5. Start with thumbnail sketches: They’re small, easy and rough. Here is a couple of thumbnail storyboard templates that I use or you can just draw rectangles in your sketchbooks to get started.

Storyboard Templates Eight up: 16 x 9 aspect ratio for HDTV, or Film.

Storyboard Templates Nine up: 4 x 3 aspect ratio Standard Definition TV.

Print out a bunch of them and start drawing. I use regular copy paper for the thumbnails don't get fancy or expensive.

6. Draw more than one shot if you aren't sure: Many times, I will draw the same scene from different angles, using different lighting to get the best one. Remember, it’s art so be creative.

7. Page and panel layout: We’ll cover this next, for now just try to keep in the back of your head that you’ll need somewhere between one and ten panels per page of your graphic novel. If a specific action inspires you to create a splash page for your story, then do it. If other elements of your story prompt you to make eight or ten pictures to tell the tale, then do it. It’s much easier to edit your stuff later then stifle your creativity now. Study your favorite comic books, to see how the panels are laid out. Watch your favorite movies and pause your favorite scenes. Check out how they framed the shot, and think about how that equates to your work. Each panel is about balance, contrast, action, and their opposing forces like negative space, light and dark. Check this out for some insight into a sweet spot called “The GoldenTriangle.”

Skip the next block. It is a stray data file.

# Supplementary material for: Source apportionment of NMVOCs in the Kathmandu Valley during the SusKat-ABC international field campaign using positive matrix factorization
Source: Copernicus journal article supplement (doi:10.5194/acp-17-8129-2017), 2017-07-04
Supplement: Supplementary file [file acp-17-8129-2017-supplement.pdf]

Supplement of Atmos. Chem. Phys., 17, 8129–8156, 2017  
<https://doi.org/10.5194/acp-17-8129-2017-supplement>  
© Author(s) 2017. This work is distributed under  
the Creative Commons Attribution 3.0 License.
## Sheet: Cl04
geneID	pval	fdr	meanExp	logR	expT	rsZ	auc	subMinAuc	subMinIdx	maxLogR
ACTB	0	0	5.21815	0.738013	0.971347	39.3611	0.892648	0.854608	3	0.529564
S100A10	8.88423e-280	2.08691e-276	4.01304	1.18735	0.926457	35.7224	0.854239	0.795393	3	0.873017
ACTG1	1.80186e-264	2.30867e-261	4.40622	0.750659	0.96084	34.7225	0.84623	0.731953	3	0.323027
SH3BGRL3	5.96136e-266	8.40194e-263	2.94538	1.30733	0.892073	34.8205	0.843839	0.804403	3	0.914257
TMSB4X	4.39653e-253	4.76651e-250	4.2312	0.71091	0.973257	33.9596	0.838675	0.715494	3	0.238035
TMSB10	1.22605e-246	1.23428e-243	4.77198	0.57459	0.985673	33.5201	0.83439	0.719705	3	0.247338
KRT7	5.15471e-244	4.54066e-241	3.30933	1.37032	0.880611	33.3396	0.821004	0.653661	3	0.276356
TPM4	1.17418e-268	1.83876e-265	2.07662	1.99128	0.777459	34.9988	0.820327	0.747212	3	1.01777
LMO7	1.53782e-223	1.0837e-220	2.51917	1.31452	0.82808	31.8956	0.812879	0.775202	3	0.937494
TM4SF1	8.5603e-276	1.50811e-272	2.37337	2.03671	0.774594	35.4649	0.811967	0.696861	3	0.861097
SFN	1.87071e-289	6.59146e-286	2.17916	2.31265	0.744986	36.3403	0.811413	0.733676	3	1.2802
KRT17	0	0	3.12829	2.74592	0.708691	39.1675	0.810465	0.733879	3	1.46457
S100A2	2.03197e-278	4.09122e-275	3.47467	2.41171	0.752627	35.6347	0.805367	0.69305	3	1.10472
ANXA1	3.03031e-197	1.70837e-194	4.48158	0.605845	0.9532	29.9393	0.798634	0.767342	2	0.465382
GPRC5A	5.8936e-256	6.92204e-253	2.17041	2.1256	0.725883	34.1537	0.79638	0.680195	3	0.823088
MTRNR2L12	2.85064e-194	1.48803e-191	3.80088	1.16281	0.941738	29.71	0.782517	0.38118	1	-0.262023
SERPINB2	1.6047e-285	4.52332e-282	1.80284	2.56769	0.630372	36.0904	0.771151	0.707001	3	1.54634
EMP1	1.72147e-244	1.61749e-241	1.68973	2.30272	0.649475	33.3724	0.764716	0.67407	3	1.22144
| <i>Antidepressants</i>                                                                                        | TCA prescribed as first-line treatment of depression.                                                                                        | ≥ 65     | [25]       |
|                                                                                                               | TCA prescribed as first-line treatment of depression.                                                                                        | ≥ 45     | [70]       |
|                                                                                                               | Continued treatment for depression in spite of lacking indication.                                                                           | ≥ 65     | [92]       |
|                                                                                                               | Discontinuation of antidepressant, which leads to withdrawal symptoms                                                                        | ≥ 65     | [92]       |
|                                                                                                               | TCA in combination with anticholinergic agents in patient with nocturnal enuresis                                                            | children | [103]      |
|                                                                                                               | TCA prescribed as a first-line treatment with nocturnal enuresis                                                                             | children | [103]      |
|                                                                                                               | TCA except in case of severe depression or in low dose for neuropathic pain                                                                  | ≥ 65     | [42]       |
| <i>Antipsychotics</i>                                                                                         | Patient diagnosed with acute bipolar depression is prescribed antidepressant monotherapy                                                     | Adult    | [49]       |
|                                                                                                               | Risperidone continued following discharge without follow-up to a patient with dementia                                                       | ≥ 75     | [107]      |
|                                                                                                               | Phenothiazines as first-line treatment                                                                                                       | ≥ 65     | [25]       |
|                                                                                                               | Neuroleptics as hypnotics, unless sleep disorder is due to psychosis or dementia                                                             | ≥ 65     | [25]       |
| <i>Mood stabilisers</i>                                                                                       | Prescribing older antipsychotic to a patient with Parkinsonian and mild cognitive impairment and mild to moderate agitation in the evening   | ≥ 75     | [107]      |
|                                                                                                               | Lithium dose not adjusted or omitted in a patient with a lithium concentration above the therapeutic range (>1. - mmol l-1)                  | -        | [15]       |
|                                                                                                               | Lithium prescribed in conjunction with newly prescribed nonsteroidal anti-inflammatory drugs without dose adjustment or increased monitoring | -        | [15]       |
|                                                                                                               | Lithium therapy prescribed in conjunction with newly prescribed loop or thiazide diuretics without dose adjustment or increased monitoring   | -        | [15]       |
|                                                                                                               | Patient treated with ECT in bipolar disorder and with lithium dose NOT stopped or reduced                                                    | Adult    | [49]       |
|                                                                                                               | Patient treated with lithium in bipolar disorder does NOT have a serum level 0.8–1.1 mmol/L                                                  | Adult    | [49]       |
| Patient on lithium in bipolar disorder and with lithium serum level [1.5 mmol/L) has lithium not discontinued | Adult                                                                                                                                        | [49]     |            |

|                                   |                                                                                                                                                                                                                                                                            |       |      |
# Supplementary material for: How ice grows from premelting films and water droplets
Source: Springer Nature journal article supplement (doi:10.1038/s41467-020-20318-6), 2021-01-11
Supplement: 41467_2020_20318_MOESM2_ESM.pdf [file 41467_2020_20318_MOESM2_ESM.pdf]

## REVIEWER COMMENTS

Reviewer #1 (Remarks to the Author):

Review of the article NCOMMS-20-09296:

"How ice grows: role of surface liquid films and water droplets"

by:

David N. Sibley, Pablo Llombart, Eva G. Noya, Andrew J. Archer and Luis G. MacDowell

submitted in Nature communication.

8. Don’t be afraid to move stuff around: Many times, I’ll draw several shots from a scene and choose only one. Then realize that I can use others on different pages, so I will re-purpose those drawings for somewhere else in the story. Don’t throw anything away, yet. Try to utilize as much of your art as you can, because every time you sit down for a drawing session, it takes time that you can’t get back later.

Men in Black: The Animated Series, Sony Pictures Television

9. Draw everywhere: Once you get into a flow, don’t be afraid to sketch your scene wherever you are, or on anything even a napkin or paper plate. Many of my ideas have come to me at the strangest times and I have to get it down on paper for fear of losing it.

10. Draw from different characters P.O.V. in the scene: Try to see things from your characters perspective, this will help you visualize the setting, room, or situation.

OK, I know that the list of 10 items above is a lot to absorb, so here are the two basic things you need to know about storyboarding.

ONE. Read the story, follow the action, translate that into 1 or several panels depending on how complicated the scene is. (See above) The more you practice this, the better you’ll be at it. After a while, you will start to dream in storyboards.

TWO. Start drawing thumbnail sketches from your story, not finished drawings. Don’t spend too much time shading, texturing and all of that. You’ll have plenty of time to do that later. As you get better and better at it, the fewer pictures you need to tell the story, the better.

Check back for Part 7, Page Layout.

All images on this blog are copyright Allan Linder unless otherwise stated. Family Guy, The Simpsons, Godzilla, Recess, Men In Black, Rugrats are all copyright of their respective owners.